The weakness of Euro membership for Ireland

(1.)
http://newsweaver.ie/bloxhamresearch/e_article001314795.cfm?x=bf0GvBb,bcgrvNVl
Bloxham Morning Note
Wednesday, January 14, 2009
Company/Economic News
Strategy – Lex pointing out Ireland’s weakness

The weakness of Euro membership for Ireland is highlighted into today’s Lex column. With the UK doing what is needed to adjust to the new economic reality and devaluing its currency, Ireland is unable to devalue its currency to restore competitiveness. Therefore Lex points out that wages in Ireland will need to fall, something which is exceptionally difficult to achieve. While the Euro zone has provided us with the buffer of a central banking guarantee, the downside pain is in a loss of competitiveness against our nearest neighbour, the UK.

Published by Bloxham
Copyright © 2008 Bloxham. All rights reserved.


(2.)
specials.ft.com/cgi-bin/Common/FTToday/nph-todayEdition.cgi?latest=BACK1_LON
The Financial Times
THE LEX COLUMN
Wednesday January 14 2009
Eurozones of pain

The Irish must be feeling green, and so too the Spanish, Greeks and Portuguese. Over the past week, all four countries’ debt ratings have been placed on review for downgrade.
Dublin, Madrid, Athens and Lisbon may bat away such warnings with reassuring noises about how they will put their financial houses in order – even if they, meanwhile, suffer higher borrowing costs. What they cannot dismiss so easily, however, is the solution to their troubles: deflation.
The potential downgrades are only a manifestation of a deeper problem: a loss of competitiveness. That is largely why the Irish, Greek, Spanish and Portuguese trade deficits are so large and their economies slowing so fast. It has been a long decline. Euro membership lowered borrowing costs, but unleashed a credit boom and a rise in prices – most obviously in housing but also in wages.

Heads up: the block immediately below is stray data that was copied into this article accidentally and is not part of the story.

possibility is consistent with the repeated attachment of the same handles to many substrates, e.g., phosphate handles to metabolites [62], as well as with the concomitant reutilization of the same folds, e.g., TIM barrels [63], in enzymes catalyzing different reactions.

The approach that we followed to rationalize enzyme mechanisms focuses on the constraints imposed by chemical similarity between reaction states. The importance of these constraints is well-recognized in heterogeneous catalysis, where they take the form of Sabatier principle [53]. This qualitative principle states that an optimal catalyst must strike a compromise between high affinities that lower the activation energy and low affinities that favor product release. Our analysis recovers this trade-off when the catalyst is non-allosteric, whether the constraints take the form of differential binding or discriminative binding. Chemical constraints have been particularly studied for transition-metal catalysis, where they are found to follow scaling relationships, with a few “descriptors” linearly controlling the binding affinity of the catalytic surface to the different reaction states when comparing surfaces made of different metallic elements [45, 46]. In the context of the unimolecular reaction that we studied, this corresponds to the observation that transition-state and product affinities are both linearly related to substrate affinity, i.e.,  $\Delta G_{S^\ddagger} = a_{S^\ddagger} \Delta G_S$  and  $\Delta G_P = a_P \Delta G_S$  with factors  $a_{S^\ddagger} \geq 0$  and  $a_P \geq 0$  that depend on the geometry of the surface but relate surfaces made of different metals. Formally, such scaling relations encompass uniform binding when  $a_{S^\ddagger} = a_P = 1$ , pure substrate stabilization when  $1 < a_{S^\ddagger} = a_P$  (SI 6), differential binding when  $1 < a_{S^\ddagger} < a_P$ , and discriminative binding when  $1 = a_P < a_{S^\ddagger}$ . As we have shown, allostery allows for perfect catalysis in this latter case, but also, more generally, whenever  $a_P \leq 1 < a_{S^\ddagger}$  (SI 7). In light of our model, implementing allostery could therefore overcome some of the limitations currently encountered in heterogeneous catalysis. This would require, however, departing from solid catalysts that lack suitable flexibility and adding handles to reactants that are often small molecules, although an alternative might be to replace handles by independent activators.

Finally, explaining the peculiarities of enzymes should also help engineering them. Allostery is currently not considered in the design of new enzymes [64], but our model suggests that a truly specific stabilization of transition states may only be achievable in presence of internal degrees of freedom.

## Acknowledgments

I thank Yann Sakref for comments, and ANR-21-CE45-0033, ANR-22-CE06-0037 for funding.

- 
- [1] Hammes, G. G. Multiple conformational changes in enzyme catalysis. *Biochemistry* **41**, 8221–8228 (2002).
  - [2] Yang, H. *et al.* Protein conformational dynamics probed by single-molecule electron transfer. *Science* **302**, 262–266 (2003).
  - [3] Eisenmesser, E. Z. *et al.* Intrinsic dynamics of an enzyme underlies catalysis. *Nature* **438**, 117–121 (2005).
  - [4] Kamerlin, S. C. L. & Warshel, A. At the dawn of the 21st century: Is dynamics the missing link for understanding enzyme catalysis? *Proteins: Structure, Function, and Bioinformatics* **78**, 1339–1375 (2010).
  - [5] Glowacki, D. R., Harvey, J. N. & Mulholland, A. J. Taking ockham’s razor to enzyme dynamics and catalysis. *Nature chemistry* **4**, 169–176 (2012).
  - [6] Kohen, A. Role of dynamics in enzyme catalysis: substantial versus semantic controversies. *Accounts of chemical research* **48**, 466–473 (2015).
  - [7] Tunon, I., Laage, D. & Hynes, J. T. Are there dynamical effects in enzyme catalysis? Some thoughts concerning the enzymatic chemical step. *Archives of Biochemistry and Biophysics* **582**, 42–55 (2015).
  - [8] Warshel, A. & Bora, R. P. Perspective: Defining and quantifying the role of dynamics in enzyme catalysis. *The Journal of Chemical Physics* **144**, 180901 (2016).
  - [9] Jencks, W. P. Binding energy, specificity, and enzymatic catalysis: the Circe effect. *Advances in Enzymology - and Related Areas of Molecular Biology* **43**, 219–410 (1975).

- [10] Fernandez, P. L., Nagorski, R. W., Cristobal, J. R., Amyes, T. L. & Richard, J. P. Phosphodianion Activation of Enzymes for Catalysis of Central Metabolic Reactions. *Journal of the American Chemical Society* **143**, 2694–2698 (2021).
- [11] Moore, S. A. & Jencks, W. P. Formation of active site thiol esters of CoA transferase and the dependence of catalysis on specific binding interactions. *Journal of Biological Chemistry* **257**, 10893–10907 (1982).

Ireland shows the problem writ large. Since 2000, its relative wage costs have risen by 20 percentage points versus Germany. (Greek wage costs have risen by about 5 points.) Export performance has been further hurt by the weakening currencies of two of its major trading partners, the
US and the UK. That is why Brian Lenihan, the Irish finance minister, lashed out at the UK, saying the pound’s fall had caused Ireland “immense problems”. The quick solution would be for Ireland to devalue too. As a euro member, it cannot. Instead it has to deflate.
Germany managed this at the start of the millennium. But as its trading partners were inflating at the time, German prices only had to rise at a slower rate for relative wages to fall. Today, with inflation falling everywhere, that path is not open to uncompetitive eurozone countries.
Instead, wages have to fall in absolute terms. That is immensely painful. It is also politically unpalatable; democracies generally don’t “do” wage deflation. Even East Asian countries, with their more flexible labour markets, did not manage it during the 1997 crisis – or at least not without political change.
The Irish referendum this autumn on the European Constitution may well be an explosive vote.

Freagra

Líon amach do chuid faisnéise thíos nó cliceáil ar dheilbhín le logáil isteach:

Lógó WordPress.com

Is le do chuntas WordPress.com atá tú ag freagairt. Logáil Amach / Athrú )

Peictiúr Twitter

Is le do chuntas Twitter atá tú ag freagairt. Logáil Amach / Athrú )

Pictiúr Facebook

Is le do chuntas Facebook atá tú ag freagairt. Logáil Amach / Athrú )

Pictiúr Google+

Is le do chuntas Google+ atá tú ag freagairt. Logáil Amach / Athrú )

Ceangal le %s

Molann %d blagálaí é seo: